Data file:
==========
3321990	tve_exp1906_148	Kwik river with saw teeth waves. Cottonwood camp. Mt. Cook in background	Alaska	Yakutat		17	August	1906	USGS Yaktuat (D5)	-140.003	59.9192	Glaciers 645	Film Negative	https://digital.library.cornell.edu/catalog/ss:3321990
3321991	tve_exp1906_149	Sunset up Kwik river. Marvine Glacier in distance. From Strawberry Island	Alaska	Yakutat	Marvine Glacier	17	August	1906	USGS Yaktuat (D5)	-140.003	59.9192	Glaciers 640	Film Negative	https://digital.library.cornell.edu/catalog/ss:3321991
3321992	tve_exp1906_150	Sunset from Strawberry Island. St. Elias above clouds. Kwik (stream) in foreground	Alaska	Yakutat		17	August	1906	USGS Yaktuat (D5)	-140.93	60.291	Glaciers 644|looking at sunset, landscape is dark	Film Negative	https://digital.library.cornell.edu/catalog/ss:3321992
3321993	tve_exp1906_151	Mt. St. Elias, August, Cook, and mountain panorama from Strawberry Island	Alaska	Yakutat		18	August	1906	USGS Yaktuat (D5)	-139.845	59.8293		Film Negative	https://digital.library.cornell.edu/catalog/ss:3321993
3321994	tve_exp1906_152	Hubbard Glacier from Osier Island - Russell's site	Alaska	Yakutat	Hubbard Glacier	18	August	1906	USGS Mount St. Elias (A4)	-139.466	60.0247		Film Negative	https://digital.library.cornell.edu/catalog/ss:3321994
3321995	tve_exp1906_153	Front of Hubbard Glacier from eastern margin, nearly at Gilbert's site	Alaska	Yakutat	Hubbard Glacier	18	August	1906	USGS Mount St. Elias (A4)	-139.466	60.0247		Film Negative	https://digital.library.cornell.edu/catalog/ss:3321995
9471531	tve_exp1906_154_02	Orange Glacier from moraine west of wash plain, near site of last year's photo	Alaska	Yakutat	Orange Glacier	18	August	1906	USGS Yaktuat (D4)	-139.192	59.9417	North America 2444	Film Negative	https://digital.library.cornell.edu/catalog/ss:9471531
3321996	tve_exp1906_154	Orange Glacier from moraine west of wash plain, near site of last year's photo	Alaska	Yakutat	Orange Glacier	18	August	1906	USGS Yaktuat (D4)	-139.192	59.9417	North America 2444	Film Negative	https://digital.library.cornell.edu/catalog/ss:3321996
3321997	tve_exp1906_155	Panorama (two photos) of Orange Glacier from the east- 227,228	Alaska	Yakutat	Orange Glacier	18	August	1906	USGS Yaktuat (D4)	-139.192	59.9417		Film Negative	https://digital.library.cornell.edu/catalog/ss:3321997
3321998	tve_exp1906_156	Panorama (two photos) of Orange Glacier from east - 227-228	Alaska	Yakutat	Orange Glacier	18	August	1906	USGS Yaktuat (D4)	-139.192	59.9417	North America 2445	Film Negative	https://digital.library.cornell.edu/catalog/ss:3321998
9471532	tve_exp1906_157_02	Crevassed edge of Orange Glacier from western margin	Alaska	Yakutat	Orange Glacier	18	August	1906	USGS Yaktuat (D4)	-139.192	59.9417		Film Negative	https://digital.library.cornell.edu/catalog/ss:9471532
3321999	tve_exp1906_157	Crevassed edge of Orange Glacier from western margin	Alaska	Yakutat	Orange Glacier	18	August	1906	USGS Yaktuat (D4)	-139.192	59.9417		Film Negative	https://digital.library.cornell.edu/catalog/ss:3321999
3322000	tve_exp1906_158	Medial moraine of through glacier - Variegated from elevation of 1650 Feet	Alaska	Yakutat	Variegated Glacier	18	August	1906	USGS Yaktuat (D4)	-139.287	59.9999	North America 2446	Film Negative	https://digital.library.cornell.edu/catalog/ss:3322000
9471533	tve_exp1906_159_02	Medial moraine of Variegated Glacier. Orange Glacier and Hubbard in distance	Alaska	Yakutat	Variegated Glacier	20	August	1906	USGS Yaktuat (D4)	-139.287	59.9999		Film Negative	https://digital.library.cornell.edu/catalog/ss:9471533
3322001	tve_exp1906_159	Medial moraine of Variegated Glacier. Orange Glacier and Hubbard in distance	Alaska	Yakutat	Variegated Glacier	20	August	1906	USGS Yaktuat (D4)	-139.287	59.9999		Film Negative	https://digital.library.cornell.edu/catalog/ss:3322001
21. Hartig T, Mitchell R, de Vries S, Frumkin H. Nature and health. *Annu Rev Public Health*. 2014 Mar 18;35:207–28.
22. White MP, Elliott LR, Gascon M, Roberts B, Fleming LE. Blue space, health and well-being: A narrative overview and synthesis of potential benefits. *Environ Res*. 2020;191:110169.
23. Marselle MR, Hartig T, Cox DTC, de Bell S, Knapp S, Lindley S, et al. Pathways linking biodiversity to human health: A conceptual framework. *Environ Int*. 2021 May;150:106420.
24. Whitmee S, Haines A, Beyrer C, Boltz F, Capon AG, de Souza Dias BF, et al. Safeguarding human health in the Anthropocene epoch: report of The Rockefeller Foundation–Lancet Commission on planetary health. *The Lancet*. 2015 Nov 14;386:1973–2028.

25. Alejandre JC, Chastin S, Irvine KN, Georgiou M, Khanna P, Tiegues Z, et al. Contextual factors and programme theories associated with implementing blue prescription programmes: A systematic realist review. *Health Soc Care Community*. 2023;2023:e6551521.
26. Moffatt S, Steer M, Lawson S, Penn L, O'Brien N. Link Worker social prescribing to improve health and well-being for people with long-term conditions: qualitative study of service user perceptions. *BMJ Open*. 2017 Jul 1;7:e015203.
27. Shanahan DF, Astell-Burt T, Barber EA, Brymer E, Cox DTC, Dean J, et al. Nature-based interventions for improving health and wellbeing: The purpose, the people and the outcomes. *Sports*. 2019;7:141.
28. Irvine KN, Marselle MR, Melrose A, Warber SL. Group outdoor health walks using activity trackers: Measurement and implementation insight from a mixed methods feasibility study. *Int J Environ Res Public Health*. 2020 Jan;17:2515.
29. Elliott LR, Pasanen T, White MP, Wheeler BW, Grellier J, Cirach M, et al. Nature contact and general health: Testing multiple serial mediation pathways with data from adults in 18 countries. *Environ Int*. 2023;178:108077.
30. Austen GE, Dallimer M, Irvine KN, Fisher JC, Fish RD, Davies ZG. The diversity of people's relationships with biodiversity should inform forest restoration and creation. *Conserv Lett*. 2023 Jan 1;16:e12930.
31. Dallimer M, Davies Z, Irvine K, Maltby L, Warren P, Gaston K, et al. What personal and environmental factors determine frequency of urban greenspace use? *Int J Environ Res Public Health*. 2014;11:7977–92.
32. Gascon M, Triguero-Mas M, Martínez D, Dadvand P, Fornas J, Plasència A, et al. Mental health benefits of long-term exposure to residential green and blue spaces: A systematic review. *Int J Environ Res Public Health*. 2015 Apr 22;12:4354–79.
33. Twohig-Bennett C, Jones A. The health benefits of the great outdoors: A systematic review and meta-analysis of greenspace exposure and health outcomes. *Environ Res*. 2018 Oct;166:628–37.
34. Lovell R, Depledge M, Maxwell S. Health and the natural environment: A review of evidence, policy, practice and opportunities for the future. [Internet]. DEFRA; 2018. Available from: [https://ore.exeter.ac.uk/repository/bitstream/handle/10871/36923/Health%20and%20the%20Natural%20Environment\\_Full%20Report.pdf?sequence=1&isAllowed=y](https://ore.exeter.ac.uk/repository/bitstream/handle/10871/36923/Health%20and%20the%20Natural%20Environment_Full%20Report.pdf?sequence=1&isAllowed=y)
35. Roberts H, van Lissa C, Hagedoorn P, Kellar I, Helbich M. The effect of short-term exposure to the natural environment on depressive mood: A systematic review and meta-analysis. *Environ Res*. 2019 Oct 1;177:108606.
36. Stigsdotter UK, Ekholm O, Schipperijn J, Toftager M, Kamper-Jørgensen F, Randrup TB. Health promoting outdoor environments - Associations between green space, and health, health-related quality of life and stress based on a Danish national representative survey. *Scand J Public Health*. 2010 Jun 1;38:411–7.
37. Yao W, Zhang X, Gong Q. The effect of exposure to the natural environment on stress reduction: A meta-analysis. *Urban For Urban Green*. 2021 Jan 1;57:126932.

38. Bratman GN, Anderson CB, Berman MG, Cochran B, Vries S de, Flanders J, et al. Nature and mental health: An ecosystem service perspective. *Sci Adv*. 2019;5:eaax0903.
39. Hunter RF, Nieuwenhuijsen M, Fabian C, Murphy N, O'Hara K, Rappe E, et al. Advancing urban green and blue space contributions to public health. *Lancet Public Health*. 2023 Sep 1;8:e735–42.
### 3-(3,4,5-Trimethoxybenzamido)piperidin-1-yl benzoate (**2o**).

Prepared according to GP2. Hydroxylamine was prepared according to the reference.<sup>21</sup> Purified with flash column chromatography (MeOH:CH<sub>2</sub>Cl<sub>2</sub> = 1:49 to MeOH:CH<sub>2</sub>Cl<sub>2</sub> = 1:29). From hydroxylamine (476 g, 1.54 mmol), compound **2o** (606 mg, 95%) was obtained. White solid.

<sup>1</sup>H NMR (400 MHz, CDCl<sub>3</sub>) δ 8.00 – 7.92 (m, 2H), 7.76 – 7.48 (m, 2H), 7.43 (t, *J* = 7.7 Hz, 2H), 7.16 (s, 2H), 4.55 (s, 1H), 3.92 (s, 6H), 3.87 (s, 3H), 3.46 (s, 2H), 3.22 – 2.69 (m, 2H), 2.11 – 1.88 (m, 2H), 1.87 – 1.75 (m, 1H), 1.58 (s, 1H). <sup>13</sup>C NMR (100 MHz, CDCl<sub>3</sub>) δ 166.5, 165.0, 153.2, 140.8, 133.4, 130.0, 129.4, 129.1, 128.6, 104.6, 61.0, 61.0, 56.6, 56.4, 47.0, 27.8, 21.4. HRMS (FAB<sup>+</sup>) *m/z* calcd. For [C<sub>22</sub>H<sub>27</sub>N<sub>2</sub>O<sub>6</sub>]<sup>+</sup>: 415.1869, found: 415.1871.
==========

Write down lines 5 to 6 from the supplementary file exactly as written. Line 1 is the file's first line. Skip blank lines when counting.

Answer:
3321994	tve_exp1906_152	Hubbard Glacier from Osier Island - Russell's site	Alaska	Yakutat	Hubbard Glacier	18	August	1906	USGS Mount St. Elias (A4)	-139.466	60.0247		Film Negative	https://digital.library.cornell.edu/catalog/ss:3321994
3321995	tve_exp1906_153	Front of Hubbard Glacier from eastern margin, nearly at Gilbert's site	Alaska	Yakutat	Hubbard Glacier	18	August	1906	USGS Mount St. Elias (A4)	-139.466	60.0247		Film Negative	https://digital.library.cornell.edu/catalog/ss:3321995